What are some of the limitations or risks associated with wellbeing apps?

1. Oversimplify complex mental health issues

Wellbeing apps can sometimes run the risk of oversimplifying complex mental health issues. For example, an app that claims to help users manage anxiety may provide solutions like deep breathing exercises or positive affirmations, without addressing the root causes of their anxiety. This might prevent some individuals from seeking professional help when it is needed.

2. Set unrealistic expectations

Another possible risk associated with the use of wellbeing apps is they might set unrealistic expectations for users by promising fast results. When these expectations aren’t met, it can lead to frustration and disappointment for the individual, further exacerbating mental health challenges.

3. Encourage self-diagnosis

Perhaps most concerning of all, wellbeing apps can be actively harmful in some cases by encouraging users to self-diagnose their condition, without providing adequate support or guidance on when to seek professional help. This can delay diagnosis and treatment, and may have serious consequences for an individual’s mental health.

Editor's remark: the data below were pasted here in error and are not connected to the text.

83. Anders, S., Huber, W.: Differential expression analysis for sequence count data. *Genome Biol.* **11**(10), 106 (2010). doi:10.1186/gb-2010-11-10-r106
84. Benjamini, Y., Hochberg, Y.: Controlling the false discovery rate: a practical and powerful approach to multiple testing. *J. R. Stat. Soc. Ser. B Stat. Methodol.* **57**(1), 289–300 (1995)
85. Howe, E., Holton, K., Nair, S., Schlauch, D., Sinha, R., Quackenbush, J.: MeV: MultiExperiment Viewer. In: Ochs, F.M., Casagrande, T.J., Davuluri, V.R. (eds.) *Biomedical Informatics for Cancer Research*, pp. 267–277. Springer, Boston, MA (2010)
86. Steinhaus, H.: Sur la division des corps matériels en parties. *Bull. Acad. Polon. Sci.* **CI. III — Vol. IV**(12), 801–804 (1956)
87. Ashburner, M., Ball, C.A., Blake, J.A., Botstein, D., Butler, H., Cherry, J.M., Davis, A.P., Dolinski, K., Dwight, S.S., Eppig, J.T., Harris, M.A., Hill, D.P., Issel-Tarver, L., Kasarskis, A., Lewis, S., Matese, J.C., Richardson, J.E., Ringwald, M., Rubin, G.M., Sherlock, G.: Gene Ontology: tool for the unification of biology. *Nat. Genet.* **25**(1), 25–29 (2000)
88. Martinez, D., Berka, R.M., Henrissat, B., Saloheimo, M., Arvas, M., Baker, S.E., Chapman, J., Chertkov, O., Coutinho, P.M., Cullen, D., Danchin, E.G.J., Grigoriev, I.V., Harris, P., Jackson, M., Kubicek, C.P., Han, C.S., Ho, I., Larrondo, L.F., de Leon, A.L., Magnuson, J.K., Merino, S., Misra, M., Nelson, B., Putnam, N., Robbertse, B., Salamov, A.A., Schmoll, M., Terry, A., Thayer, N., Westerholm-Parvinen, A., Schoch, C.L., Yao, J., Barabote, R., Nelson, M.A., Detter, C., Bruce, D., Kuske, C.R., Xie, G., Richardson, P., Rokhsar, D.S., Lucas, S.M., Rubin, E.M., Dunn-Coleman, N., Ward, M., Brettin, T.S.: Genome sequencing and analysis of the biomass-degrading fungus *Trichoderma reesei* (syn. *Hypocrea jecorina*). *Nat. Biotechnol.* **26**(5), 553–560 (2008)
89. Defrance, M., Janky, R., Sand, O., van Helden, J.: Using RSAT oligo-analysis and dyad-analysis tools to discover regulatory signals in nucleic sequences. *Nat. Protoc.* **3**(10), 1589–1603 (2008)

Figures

"There is growing concern that wellbeing apps may do more harm than good and fail to deliver on big promises with little to no scientific backing"

What to consider when determining if a wellbeing app is suitable for your team

1. Identify your workplace wellbeing objectives

Wellbeing apps are just one resource available to potentially improve employee and workplace wellbeing. Determining if an app is the right fit for your organisation comes down to the objectives of your wellbeing program. If you’re looking to improve team cohesion and engagement, an app that is encouraging higher screen time is not going to help you achieve this. Similarly if team members are struggling with work-life balance and long working hours, encouraging them to download another app is not going to alleviate these issues. If you’re not sure what employees want in a workplace wellbeing program, consider asking them directly with an anonymous wellbeing survey that captures their wants, needs and interests.